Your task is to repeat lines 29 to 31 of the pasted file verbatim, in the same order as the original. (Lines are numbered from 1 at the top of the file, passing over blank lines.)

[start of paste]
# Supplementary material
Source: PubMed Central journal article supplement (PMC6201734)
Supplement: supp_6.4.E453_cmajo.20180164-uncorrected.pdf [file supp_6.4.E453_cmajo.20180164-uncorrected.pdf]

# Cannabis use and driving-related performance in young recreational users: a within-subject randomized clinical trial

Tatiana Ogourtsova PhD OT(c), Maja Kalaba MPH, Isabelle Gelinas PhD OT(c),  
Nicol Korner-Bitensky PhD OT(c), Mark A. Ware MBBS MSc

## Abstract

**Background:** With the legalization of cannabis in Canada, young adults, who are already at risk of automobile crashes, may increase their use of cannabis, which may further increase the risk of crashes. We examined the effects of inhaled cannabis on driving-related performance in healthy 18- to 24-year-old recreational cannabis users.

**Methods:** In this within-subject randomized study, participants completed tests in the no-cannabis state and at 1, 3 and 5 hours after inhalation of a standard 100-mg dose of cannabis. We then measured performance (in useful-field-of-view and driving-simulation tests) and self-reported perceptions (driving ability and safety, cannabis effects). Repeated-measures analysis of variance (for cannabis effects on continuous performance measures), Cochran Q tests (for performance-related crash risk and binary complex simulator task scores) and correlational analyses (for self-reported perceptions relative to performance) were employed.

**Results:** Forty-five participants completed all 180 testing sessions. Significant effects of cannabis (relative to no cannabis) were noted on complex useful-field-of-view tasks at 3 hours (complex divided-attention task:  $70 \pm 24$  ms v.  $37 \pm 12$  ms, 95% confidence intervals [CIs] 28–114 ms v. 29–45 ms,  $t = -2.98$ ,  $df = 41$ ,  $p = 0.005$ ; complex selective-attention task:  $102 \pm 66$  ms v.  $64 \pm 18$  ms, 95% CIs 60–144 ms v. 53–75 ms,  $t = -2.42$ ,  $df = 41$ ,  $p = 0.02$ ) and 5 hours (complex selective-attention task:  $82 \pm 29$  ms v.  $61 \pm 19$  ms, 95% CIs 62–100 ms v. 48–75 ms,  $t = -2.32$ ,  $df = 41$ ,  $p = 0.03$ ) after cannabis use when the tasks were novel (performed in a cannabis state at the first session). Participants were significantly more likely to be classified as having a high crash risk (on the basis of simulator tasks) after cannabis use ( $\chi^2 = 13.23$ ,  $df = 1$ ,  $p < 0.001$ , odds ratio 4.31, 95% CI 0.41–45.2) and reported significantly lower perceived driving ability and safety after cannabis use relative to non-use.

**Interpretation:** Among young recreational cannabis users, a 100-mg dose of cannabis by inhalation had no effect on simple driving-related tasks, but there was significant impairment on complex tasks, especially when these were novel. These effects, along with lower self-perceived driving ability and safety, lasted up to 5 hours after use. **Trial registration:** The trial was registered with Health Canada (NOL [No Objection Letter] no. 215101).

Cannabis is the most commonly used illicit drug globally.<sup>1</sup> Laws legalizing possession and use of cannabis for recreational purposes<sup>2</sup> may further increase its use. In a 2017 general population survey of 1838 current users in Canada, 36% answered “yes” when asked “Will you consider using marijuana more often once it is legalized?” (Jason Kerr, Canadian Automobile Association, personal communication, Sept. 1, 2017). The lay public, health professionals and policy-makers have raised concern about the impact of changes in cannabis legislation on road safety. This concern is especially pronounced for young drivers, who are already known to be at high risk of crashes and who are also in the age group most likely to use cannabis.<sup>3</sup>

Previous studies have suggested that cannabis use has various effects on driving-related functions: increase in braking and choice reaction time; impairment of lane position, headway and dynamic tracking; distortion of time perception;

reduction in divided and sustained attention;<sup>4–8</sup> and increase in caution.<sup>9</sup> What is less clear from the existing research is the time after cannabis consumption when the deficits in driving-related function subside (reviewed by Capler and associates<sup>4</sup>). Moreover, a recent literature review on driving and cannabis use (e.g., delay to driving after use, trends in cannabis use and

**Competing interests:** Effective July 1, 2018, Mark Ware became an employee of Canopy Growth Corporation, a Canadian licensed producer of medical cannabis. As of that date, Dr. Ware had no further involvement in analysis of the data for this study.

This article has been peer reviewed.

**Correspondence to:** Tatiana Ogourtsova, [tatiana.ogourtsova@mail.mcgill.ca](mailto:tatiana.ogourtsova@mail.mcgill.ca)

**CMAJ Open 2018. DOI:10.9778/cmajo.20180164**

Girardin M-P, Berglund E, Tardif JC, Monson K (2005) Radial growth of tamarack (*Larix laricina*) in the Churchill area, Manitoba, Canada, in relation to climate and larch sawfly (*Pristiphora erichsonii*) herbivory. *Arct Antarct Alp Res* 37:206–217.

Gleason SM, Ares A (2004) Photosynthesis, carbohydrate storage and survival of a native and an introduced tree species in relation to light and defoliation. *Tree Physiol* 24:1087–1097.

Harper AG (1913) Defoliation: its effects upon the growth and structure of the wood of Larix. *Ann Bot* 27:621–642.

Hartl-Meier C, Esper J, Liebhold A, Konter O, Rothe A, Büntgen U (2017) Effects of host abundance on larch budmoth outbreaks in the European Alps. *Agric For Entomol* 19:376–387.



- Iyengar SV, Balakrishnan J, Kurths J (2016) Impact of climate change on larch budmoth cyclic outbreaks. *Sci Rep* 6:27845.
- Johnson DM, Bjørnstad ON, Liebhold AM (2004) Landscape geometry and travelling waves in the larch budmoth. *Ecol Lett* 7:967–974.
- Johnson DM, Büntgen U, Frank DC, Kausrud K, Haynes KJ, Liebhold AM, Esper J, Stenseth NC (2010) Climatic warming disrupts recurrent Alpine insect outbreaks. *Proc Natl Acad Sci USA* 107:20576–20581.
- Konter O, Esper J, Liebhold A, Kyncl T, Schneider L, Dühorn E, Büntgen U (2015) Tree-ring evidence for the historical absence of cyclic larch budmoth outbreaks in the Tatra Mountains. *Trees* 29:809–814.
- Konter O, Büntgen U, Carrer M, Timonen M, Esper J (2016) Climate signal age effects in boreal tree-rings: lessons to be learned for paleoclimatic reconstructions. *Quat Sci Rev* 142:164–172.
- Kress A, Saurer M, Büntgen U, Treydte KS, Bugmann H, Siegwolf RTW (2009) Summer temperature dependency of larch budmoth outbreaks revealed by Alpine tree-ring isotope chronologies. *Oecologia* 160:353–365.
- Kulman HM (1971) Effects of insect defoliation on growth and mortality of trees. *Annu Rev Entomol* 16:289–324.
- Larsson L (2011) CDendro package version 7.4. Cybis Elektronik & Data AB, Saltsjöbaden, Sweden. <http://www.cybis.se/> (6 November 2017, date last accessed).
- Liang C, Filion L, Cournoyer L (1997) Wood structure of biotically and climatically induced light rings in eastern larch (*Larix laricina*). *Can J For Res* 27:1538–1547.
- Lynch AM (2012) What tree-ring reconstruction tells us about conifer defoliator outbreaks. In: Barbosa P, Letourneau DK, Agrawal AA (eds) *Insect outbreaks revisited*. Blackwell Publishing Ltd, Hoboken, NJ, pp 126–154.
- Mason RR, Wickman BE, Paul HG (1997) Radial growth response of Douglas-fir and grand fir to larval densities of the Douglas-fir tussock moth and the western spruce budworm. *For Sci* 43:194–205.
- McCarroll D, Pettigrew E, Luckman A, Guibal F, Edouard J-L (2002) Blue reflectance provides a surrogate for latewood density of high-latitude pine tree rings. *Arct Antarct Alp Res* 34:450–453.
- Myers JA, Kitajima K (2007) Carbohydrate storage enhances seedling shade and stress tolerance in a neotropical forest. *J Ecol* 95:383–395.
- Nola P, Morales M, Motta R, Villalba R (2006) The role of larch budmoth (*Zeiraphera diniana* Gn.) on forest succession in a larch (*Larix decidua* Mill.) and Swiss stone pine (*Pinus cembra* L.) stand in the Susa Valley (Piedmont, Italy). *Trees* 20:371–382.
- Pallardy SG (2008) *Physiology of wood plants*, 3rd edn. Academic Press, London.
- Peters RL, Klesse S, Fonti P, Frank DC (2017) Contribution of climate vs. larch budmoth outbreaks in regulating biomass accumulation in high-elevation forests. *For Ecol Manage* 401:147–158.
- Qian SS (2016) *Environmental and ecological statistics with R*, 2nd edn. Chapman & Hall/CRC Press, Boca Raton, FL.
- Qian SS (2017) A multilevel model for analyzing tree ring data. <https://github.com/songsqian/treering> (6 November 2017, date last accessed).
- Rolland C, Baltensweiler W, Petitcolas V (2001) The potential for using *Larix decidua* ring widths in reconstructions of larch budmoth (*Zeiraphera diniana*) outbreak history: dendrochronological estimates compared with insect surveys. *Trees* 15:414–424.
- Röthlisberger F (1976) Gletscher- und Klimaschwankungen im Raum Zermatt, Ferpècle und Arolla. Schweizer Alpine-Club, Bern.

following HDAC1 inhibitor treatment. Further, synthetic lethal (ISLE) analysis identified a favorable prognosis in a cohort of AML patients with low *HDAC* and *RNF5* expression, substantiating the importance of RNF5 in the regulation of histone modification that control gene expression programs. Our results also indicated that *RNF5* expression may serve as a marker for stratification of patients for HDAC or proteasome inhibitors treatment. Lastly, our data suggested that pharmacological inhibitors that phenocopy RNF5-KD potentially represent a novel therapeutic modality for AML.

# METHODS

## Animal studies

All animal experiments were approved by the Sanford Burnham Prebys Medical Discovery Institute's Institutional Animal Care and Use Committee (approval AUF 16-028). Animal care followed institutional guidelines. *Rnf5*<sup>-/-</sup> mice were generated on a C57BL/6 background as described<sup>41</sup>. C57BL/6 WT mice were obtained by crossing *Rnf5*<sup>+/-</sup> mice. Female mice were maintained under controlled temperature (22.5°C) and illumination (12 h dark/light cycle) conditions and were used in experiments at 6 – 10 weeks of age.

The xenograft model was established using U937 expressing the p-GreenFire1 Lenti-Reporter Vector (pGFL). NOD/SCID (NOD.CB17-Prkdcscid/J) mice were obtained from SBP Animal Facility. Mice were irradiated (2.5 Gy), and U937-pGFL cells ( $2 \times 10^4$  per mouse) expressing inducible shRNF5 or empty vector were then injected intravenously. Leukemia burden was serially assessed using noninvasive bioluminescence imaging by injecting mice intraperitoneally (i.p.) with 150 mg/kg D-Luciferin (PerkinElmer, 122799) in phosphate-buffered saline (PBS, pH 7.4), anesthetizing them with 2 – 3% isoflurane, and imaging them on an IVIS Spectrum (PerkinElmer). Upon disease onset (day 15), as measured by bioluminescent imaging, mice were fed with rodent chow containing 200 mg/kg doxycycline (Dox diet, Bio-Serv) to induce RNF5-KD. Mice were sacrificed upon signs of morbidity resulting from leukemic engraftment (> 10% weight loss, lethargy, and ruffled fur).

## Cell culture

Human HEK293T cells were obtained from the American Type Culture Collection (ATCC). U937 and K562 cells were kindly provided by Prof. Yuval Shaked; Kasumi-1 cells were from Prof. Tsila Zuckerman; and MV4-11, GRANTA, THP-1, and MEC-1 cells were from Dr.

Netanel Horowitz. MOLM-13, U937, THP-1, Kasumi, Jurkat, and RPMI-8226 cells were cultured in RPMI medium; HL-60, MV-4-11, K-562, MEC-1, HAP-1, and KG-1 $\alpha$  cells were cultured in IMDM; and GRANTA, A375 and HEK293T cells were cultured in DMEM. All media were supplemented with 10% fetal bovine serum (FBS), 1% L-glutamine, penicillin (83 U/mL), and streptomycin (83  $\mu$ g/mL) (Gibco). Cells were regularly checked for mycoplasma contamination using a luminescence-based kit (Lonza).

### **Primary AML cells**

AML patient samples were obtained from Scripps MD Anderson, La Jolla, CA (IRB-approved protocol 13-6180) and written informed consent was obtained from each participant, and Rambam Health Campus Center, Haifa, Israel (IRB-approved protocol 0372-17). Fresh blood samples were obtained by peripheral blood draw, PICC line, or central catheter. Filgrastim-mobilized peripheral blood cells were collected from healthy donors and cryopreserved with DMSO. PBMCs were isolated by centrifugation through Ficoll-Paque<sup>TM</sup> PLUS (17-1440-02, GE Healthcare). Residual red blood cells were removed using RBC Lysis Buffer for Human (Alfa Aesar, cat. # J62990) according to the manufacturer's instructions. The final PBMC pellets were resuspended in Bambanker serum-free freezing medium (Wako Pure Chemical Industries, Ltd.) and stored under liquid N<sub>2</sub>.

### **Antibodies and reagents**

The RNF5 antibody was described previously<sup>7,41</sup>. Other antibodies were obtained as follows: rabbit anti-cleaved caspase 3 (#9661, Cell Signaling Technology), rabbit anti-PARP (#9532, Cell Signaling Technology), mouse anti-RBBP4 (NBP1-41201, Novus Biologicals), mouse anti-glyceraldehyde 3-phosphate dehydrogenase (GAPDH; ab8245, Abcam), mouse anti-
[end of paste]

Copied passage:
- Kulman HM (1971) Effects of insect defoliation on growth and mortality of trees. *Annu Rev Entomol* 16:289–324.
- Larsson L (2011) CDendro package version 7.4. Cybis Elektronik & Data AB, Saltsjöbaden, Sweden. <http://www.cybis.se/> (6 November 2017, date last accessed).
- Liang C, Filion L, Cournoyer L (1997) Wood structure of biotically and climatically induced light rings in eastern larch (*Larix laricina*). *Can J For Res* 27:1538–1547.